Getting into Hot Water: Evangelicals and Global Warming

Article excerpt


The subject of anthropogenic global warming has become an issue of much discussion in American culture in general and among evangelicals in particular. (1) Both the national news media and the national political parties have taken note of the disagreement among evangelicals with varying degrees of approval. (2) Evangelicals do indeed have significant areas of disagreement with respect to climate change, yet, they also demonstrate considerable agreement over what theological data is relevant to the discussion, as well as over some of the principles important in judging proposed solutions.

This article will trace the development of engagement by evangelical groups and denominations (3) with the issue of climate change and global warming and describe the areas of agreement and disagreement between evangelical environmentalists and their opponents. This will provide a basis for evaluating the evangelical contribution to the broader discussion. Evangelicals have contributed a needed, distinctively Christian voice to correct some of the assumptions and arguments of secular environmentalists. Unfortunately, some evangelicals have also demonstrated a surprising failure of concern for truth and are at risk of undercutting the traditional evangelical strategy of using concrete help for the poor as a means of winning a sympathetic hearing for the gospel of salvation through faith in Christ Jesus.

Historical Overview of Evangelical Statements on the Environment

The past few years have seen considerable division among evangelicals over the question of anthropogenic global warming. Competing statements, beginning with the Evangelical Climate Initiative (ECI) (4) in 2006, and culminating in the Southern Baptist Declaration on the Environment and Climate Change (SBECI) (5) in 2008, have received much attention from politicians and the national news media. Yet, the history of evangelical statements on the environment begins much earlier than 2006 and is characterized by a surprising degree of agreement.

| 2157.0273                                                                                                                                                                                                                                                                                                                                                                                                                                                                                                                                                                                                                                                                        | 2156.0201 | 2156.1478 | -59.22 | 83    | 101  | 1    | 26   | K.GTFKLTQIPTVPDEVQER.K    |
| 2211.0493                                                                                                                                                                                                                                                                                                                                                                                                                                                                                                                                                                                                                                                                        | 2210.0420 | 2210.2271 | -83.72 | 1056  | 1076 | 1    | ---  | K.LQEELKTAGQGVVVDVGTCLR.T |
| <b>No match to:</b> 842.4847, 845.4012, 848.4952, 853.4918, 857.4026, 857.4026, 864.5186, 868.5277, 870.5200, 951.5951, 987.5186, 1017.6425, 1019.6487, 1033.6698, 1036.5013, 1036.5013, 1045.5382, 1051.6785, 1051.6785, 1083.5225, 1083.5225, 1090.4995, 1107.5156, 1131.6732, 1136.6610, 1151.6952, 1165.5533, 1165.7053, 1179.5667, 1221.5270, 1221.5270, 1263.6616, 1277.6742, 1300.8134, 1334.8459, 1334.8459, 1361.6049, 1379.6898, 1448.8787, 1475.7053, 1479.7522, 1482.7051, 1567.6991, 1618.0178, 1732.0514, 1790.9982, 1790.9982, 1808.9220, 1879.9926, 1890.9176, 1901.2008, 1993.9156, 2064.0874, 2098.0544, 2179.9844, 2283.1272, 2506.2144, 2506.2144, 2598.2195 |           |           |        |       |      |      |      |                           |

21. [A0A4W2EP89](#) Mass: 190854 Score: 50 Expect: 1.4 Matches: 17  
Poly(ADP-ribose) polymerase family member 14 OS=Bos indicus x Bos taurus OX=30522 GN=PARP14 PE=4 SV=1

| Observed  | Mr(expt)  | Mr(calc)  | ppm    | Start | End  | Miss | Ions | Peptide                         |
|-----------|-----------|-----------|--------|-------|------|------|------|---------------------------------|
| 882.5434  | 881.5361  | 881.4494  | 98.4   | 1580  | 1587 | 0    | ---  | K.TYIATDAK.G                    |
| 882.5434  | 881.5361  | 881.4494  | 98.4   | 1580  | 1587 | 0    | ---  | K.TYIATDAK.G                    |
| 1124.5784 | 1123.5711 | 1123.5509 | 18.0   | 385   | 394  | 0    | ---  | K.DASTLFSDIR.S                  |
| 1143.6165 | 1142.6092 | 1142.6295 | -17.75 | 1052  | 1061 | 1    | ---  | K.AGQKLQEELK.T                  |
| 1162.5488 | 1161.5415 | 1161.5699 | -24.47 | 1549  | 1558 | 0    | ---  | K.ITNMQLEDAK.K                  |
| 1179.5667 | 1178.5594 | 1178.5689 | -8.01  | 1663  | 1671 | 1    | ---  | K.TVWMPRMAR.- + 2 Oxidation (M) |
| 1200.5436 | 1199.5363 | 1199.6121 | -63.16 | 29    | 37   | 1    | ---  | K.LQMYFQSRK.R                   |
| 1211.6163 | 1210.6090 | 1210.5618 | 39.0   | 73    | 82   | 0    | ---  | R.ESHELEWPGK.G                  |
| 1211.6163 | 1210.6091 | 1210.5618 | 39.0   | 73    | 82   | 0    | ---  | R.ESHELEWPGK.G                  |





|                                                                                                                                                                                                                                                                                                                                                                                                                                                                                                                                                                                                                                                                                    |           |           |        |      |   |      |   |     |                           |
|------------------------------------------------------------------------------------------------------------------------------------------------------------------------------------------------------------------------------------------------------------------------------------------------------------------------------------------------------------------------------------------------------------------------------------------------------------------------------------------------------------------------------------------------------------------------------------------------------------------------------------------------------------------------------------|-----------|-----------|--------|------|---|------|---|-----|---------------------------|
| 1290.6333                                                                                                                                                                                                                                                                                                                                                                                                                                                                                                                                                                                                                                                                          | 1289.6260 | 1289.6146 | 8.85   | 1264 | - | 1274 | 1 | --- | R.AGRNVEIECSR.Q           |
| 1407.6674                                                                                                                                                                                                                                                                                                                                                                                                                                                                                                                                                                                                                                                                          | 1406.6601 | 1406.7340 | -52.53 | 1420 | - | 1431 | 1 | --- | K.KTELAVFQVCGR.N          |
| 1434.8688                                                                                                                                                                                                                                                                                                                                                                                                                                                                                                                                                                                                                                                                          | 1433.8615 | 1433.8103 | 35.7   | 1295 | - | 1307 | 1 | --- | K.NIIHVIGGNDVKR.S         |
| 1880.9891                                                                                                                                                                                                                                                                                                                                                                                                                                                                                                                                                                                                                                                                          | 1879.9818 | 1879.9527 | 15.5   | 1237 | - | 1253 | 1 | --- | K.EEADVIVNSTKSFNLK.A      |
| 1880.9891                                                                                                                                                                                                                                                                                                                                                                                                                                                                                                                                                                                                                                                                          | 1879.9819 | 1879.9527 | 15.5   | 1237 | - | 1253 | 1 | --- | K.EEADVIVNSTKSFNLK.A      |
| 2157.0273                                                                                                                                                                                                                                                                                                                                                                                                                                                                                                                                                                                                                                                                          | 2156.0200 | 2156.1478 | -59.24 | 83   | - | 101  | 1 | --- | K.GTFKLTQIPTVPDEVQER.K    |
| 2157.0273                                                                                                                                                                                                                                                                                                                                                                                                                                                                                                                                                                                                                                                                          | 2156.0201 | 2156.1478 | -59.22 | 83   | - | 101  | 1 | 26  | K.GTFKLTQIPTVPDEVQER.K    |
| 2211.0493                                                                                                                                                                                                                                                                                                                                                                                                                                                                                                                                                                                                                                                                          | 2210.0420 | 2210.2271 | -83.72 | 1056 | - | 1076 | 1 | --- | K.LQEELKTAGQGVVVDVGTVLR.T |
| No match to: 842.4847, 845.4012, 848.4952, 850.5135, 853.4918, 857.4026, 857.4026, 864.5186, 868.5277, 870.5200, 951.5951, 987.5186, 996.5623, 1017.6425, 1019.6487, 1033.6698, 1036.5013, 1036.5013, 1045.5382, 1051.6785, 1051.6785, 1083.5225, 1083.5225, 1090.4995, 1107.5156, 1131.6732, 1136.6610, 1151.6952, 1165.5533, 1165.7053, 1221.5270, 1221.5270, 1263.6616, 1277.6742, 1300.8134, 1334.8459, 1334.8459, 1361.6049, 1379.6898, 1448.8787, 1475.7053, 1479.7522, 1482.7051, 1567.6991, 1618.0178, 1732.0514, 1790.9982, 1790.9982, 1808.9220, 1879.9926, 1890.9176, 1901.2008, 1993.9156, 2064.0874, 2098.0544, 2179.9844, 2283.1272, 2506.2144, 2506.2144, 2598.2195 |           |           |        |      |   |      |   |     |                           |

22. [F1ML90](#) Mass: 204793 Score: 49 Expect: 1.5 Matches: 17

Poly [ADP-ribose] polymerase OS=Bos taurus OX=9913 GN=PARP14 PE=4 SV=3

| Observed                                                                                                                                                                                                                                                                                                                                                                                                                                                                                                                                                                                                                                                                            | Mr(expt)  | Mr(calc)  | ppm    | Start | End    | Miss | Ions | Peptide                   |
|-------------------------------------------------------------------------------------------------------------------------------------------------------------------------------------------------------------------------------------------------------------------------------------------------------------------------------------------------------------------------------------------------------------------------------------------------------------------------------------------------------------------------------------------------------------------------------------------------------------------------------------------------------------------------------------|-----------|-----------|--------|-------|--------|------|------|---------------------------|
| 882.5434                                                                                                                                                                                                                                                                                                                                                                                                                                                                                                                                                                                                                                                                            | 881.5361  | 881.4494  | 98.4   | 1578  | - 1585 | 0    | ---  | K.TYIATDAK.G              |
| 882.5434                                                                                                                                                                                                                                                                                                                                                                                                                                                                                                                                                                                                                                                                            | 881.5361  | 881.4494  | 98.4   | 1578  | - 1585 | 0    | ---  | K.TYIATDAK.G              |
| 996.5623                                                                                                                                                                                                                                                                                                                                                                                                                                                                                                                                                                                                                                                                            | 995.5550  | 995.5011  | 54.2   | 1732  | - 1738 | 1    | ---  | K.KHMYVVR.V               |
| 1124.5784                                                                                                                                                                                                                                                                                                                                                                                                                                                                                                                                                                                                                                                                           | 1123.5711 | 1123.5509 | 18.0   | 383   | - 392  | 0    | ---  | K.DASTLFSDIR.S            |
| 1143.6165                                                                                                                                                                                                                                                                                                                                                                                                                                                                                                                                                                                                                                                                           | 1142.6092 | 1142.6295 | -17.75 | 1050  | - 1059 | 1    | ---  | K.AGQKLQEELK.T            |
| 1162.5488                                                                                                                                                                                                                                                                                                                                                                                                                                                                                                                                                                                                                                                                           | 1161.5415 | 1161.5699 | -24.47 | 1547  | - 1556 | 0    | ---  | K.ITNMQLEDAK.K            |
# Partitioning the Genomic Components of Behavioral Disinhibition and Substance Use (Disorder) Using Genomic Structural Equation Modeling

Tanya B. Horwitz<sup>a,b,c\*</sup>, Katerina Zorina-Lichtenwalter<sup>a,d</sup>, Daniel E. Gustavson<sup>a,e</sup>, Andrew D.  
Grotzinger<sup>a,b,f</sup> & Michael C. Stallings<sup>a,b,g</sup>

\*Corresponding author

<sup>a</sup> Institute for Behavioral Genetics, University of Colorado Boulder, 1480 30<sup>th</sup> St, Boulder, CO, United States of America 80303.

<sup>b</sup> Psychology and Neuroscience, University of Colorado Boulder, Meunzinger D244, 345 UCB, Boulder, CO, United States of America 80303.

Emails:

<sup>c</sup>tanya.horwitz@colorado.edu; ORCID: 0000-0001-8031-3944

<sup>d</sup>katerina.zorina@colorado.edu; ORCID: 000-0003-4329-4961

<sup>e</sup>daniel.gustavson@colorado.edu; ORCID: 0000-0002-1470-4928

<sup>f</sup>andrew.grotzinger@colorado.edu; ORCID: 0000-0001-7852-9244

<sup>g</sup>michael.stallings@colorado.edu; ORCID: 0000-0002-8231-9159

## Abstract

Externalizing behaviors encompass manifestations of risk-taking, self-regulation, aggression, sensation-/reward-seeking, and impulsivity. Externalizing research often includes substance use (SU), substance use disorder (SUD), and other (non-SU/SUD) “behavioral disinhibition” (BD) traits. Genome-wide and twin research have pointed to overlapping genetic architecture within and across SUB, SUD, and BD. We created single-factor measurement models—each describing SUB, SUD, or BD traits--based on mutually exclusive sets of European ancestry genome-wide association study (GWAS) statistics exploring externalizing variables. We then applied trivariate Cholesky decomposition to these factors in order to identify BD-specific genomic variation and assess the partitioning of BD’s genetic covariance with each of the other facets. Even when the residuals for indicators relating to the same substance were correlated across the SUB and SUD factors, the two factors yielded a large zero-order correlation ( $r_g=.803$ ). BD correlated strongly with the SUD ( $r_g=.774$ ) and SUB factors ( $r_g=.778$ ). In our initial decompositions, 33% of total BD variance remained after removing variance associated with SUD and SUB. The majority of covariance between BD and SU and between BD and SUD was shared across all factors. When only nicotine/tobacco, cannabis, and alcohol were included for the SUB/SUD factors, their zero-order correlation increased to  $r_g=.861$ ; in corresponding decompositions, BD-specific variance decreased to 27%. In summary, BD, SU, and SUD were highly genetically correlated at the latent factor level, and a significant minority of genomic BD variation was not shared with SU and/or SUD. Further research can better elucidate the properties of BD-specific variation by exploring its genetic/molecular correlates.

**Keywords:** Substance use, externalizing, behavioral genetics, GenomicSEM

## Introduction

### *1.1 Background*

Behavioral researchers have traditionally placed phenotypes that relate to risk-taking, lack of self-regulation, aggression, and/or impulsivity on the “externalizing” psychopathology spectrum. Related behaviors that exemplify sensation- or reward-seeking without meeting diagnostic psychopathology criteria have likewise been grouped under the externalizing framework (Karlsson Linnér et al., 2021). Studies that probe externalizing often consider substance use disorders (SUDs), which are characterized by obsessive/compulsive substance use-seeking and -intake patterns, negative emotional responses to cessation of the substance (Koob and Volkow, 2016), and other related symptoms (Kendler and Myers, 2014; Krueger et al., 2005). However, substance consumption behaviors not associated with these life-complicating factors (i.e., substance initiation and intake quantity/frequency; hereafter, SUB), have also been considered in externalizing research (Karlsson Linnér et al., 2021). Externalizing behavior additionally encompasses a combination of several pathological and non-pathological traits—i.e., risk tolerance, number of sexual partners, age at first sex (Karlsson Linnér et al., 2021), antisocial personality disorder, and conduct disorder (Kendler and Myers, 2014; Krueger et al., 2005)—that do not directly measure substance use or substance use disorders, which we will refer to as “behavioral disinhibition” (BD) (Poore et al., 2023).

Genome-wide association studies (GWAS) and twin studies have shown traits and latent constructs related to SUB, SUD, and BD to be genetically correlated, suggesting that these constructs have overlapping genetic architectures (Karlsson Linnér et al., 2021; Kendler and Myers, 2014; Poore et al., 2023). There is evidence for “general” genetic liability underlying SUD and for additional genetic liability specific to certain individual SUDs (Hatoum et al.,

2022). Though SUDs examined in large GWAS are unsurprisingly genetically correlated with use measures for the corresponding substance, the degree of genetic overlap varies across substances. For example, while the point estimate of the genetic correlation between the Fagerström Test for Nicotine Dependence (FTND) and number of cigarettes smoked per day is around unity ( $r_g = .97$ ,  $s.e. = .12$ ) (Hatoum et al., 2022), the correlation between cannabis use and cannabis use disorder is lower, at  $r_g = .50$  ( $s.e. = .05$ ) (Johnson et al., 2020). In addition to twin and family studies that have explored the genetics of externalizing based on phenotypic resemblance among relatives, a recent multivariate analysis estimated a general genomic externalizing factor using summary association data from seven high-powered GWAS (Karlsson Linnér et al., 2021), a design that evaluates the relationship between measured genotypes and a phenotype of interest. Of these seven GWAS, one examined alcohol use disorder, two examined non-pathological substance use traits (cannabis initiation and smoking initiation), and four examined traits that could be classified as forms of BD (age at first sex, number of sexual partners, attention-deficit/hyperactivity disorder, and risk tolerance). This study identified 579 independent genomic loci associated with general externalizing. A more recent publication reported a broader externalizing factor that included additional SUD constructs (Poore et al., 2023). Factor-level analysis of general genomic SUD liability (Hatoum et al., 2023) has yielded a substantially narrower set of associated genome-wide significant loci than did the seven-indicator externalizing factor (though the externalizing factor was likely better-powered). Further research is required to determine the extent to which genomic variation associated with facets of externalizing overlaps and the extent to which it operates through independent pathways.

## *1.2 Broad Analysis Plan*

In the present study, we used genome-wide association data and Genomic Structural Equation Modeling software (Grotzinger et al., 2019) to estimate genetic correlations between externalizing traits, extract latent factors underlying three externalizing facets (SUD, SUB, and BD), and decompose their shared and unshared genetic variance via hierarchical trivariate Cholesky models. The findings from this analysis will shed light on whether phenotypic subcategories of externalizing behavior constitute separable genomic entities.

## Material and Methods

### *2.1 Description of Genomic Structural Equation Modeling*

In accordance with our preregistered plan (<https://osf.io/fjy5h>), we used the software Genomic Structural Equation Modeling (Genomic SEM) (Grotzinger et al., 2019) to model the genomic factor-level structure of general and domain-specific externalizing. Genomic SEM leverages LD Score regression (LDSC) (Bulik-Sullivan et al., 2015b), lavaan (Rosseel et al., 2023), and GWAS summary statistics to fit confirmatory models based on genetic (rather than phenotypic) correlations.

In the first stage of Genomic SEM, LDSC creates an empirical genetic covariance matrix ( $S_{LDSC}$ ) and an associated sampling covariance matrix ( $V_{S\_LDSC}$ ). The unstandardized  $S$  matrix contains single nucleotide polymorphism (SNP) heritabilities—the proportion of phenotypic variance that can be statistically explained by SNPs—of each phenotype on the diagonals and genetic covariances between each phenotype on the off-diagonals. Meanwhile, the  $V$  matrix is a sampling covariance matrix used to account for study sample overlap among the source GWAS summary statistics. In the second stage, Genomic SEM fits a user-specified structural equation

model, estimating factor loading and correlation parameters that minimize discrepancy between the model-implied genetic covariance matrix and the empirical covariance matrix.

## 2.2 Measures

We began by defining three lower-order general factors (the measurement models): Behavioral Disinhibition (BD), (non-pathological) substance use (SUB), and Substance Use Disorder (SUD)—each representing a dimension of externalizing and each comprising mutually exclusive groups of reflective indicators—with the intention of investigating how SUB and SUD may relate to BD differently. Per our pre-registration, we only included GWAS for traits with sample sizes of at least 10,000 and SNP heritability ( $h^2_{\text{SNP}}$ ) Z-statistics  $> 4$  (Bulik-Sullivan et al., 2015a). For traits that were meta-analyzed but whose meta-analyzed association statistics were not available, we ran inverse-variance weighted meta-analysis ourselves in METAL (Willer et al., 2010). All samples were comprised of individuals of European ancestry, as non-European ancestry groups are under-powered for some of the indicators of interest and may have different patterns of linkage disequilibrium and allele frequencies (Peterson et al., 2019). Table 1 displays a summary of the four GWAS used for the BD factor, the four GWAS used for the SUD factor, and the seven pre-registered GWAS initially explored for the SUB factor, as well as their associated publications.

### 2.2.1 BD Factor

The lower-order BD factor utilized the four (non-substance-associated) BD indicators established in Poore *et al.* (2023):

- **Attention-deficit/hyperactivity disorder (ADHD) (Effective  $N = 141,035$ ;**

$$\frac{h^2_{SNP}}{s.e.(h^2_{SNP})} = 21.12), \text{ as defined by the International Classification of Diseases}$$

In 1990, the Southern Baptist Convention adopted a resolution, "On Environmental Stewardship." (6) This resolution was followed four years later by the establishment of the Evangelical Environmental Network and the publication of its signature document, "An Evangelical Declaration on the Care of Creation." (7) While neither of these documents directly addressed the question of global warming, they did lay the foundation for the debate that was to begin in 2000 and come to fruition in 2006.

The true beginning of the evangelical debate over global warming was marked by the creation of the Interfaith Stewardship Alliance in 2000. This group of conservative Jews, Catholics, and Protestants expressed concern about the nature and content of the growing debate over anthropogenic global warming. The work of this group formed the foundation for the position taken by many prominent evangelicals in the global warming debate. The writers of what came to be known as the Cornwall Declaration had three major concerns. (8) The first was that many in the global warming debate demonstrated a theologically flawed view of humanity. Secular environmentalists often hold to an overly negative view of man that ignores the positive potential of humanity to impact the environment for good. In contrast, unpeopled or pristine nature is idealized. The Cornwall Declaration, however, asserted that while humanity could do harm to nature, it could also manage the environment beneficially. The second concern was a focus on what the writers took to be improbable dangers instead of on firmly established risks to human life and the environment. Finally, the writers were concerned that many of the policies being proposed to deal with global warming would have an immediate and deleterious effect on the poor, especially those in developing nations.

In August of 2005, the Ethics and Religious Liberty Commission of the Southern Baptist Convention also expressed formal concern about the issue of global warming. …